Although the facilities left much to be desired, the TBUFers were happy to be there.  After World War II, hordes of GIs impatient to get their college education underway after fighting the battles of war rushed home to Florida to take advantage of the benefits of the GI Bill of Rights, which paid tuition and living expenses for any veteran who wanted to attend college.

At the time, the University of Florida was for male students only (e.g., “We are the boys from old Florida”) and there was no FSU yet — the Tallahassee school was still Florida State College for Women (FSCW).
As soon as the war ended, UF was swamped with a record number of applications. There was space for 6,000 students and 8,000 had applied. Overloaded, the male applicants were asked if they would attend the all-female FSCW in Tallahassee until housing facilities in Gainesville were completed.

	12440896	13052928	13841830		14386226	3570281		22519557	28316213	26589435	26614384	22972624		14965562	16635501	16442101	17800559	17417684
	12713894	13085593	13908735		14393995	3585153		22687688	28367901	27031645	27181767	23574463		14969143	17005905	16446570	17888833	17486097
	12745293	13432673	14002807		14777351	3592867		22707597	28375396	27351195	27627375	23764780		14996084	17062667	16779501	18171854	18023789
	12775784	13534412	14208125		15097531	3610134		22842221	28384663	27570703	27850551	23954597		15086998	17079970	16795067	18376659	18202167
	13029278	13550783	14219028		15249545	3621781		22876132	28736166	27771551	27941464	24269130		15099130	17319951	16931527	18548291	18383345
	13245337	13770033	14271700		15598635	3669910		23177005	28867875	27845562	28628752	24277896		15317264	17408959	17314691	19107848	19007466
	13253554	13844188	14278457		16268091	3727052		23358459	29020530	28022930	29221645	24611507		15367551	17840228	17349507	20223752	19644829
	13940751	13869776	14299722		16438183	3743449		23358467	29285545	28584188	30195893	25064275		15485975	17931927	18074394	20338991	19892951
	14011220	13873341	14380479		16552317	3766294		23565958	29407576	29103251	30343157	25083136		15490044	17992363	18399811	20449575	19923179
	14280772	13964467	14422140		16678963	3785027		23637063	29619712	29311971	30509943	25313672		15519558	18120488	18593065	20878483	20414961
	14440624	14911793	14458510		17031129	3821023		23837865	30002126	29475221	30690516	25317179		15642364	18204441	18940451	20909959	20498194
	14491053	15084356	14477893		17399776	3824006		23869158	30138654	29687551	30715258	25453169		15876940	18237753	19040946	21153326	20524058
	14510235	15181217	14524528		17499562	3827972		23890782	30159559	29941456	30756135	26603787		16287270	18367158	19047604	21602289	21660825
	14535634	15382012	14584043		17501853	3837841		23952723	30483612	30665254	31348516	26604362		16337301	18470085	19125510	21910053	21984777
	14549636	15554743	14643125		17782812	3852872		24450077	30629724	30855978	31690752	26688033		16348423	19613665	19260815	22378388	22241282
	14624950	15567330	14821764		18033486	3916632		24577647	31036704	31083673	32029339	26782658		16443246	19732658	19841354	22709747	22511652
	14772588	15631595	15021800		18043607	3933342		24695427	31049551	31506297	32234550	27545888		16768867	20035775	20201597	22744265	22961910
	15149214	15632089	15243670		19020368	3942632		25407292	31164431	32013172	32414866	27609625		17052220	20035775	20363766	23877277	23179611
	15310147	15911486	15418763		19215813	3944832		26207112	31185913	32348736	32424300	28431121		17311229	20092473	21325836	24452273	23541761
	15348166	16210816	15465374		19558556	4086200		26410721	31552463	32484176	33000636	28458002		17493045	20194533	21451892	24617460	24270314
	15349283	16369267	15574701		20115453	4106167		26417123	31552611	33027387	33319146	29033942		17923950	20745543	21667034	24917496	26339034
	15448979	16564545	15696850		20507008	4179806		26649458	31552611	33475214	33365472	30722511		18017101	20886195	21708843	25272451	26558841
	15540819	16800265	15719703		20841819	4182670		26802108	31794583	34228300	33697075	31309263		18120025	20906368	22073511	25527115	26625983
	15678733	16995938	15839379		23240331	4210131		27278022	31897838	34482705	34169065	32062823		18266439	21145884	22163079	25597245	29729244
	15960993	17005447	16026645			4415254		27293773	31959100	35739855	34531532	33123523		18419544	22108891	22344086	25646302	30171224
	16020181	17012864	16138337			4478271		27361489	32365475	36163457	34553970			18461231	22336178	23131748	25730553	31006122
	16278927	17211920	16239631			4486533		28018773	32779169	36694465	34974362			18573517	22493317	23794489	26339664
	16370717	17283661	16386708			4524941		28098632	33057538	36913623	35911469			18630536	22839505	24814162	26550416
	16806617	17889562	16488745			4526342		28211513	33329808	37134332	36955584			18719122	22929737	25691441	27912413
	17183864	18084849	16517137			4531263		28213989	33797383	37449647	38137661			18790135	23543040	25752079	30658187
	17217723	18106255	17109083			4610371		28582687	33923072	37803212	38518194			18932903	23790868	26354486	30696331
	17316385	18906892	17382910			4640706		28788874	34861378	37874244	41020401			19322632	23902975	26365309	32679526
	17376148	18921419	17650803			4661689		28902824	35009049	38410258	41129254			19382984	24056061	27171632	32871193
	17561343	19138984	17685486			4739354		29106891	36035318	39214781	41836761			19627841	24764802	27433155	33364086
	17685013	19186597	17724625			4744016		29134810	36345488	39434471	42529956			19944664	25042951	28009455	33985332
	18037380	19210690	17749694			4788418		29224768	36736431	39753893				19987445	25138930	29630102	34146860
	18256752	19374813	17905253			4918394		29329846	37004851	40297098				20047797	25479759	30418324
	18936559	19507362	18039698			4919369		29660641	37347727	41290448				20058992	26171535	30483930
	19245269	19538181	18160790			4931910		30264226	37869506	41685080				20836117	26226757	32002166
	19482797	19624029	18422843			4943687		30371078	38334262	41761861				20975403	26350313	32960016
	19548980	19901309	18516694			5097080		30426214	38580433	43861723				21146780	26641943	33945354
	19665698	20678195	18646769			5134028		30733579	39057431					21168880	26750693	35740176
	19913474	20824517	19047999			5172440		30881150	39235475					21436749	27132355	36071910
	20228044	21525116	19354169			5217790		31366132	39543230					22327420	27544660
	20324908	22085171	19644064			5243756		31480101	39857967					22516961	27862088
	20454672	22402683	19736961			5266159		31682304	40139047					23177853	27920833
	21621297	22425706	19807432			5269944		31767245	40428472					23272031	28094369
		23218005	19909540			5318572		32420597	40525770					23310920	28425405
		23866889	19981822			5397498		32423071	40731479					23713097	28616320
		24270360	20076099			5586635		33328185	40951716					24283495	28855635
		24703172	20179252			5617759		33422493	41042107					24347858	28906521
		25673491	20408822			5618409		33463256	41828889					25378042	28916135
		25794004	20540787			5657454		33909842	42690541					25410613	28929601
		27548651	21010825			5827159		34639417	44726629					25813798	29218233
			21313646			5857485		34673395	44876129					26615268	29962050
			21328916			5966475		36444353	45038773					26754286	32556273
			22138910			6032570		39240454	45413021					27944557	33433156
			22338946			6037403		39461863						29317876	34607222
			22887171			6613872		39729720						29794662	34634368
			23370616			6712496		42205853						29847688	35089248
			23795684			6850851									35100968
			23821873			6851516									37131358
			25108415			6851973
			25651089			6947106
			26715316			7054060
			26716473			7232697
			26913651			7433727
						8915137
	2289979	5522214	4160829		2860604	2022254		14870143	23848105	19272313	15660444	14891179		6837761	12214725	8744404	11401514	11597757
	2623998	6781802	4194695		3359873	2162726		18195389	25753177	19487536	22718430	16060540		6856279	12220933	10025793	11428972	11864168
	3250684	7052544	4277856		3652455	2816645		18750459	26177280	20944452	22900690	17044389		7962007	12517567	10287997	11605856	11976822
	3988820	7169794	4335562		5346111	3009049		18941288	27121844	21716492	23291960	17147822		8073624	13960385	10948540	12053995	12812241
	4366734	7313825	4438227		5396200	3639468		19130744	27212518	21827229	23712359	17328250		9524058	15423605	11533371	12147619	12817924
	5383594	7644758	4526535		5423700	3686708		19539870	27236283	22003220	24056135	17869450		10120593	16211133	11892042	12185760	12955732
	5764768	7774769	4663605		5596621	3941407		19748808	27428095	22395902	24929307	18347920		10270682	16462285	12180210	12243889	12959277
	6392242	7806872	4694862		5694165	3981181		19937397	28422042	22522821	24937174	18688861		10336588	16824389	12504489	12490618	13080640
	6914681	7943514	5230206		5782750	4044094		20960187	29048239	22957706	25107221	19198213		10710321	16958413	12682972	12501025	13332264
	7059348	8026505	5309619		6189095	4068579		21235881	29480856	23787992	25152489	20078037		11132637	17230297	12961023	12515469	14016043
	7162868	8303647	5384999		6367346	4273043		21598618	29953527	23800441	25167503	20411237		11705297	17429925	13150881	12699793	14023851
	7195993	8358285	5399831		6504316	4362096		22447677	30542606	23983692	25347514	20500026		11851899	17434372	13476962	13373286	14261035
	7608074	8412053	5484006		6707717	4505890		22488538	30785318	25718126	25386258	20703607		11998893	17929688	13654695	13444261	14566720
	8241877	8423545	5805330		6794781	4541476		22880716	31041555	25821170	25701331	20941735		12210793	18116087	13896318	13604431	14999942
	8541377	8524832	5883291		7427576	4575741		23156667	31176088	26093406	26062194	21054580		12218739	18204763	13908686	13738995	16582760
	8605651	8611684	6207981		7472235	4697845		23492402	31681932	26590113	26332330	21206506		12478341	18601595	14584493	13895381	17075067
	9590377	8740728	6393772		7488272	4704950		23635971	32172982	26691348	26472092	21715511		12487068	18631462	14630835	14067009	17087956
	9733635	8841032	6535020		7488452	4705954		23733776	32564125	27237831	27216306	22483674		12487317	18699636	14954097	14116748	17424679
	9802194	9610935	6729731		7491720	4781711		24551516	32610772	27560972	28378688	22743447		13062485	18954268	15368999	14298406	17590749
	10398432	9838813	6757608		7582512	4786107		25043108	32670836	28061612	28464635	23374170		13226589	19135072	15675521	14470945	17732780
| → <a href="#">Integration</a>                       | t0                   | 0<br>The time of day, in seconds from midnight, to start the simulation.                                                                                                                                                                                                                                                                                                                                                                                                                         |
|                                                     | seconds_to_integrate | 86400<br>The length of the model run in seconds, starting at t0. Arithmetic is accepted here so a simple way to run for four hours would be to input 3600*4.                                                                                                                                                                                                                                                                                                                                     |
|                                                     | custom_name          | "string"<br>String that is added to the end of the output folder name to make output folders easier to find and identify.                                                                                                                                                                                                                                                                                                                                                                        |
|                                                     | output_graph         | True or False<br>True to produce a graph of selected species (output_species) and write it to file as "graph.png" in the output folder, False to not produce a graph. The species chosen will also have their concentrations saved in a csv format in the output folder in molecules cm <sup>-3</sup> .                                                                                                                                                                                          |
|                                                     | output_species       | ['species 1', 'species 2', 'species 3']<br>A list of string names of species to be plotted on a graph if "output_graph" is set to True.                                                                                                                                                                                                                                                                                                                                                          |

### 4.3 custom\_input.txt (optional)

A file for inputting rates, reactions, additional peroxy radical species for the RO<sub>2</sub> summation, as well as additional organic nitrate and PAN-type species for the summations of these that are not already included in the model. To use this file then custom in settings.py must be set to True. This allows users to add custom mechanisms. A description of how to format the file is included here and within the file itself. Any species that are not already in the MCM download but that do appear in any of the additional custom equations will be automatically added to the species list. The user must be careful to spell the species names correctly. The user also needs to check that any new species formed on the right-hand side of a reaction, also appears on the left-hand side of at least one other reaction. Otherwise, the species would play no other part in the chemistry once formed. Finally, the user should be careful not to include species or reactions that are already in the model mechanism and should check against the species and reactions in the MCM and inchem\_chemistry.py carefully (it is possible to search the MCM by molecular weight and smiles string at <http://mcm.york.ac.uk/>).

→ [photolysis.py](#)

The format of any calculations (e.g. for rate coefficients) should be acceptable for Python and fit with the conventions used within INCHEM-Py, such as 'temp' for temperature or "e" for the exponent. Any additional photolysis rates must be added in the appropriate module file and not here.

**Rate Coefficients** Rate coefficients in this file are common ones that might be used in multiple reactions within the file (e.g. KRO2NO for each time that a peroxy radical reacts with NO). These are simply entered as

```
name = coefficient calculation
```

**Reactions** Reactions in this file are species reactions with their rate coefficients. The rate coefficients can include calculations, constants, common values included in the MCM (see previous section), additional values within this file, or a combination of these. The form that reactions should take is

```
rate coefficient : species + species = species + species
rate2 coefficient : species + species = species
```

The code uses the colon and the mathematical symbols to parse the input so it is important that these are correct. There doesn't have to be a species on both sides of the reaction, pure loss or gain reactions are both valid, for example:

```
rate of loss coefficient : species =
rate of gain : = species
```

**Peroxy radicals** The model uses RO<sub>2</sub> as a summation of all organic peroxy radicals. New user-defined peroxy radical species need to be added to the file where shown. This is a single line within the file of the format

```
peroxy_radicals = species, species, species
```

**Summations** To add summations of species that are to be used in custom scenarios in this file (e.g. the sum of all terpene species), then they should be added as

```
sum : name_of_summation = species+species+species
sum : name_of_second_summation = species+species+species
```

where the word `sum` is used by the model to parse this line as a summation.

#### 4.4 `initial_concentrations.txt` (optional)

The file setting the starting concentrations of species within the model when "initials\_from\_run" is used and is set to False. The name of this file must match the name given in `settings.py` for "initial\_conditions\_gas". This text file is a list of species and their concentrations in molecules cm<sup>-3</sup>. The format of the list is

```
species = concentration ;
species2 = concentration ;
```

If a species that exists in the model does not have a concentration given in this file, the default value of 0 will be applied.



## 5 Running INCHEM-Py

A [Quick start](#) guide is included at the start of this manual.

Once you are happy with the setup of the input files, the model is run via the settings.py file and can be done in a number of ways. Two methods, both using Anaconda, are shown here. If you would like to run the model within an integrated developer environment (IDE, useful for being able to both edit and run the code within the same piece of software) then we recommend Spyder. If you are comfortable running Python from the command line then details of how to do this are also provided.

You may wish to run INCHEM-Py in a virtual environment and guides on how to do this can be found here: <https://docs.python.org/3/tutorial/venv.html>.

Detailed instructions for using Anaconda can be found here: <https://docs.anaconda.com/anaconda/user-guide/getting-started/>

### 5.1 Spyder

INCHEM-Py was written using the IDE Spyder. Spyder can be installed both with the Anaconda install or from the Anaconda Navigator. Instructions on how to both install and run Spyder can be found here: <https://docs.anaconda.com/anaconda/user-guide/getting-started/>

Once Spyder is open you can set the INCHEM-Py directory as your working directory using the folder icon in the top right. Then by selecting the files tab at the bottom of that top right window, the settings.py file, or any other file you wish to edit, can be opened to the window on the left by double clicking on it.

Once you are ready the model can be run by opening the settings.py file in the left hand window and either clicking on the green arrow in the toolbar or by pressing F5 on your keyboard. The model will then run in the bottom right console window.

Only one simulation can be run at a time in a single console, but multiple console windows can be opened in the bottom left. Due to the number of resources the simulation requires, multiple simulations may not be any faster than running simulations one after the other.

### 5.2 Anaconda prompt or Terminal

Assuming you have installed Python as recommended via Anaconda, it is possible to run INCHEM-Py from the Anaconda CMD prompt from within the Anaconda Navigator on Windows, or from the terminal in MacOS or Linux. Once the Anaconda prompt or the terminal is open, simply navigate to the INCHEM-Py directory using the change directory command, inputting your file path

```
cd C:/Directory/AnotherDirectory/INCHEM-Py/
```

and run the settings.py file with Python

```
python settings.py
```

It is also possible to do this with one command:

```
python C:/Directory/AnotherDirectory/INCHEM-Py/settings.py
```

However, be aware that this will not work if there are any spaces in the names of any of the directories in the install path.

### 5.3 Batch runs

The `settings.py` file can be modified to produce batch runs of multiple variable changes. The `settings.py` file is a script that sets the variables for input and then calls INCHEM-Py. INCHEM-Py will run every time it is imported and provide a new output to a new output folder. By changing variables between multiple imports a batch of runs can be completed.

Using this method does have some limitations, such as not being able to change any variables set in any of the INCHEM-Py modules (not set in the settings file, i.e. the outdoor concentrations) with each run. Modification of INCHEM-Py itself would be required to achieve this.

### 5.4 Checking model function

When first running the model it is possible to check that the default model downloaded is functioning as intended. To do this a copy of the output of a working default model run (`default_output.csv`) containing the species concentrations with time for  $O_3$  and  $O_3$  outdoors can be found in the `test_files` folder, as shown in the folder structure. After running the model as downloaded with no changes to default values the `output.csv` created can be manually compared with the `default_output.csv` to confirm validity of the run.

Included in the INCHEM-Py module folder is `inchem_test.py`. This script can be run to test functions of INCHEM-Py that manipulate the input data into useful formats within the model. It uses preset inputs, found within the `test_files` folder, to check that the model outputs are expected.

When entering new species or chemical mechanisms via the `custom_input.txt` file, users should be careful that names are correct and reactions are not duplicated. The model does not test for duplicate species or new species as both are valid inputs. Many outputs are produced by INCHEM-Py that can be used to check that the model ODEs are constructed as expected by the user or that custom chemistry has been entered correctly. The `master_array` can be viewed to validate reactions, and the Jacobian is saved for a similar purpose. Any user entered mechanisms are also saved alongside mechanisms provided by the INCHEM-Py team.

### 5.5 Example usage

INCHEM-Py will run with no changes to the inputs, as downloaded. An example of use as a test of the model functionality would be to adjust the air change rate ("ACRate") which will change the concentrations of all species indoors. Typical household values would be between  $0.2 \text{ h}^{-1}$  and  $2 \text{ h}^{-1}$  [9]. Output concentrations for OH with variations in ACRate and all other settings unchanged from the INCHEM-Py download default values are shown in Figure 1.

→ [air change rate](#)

The Florida Legislature was resistant, with UF legislator loyalists using as an excuse that there were legal ramifications to men attending a women’s college. But UF officials found themselves in a quandary about these veterans. Finally, a legal compromise was reached. Gov. Millard Caldwell, UF President John Tigert and FSCW President Doak Campbell (yes, that Doak Campbell) agreed that a temporary Tallahassee Branch of the University of Florida could be established at the former Dale Mabry Field, which the federal government had given to the City of Tallahassee.

So, grudgingly, the Florida Legislature authorized TBUF.

It became the cornerstone of legal maneuvering by Secretary of State R.A. Gray and others to permit men to attend “for women only” FSCW. The men who enrolled for the 1946-47 academic year not only broke that gender barrier, they also broke ironclad traditions to do it.  

Earle Bowden, editor emeritus of the Pensacola News Journal, later wrote of his time as a TBUFer: “Tallahassee, liquor-dry, home of Florida government then controlled mainly by a rural political faction known as Porkchoppers, would never be the same. Nor would we … the campus was suddenly, unofficially co-educational …. Suddenly ex-GIs, single and married, occupied wooden barracks; baby clothes waved like flags from clotheslines.  Then there we were, hanging out at the old Dale Mabry officers club — now the student ‘O’ Club.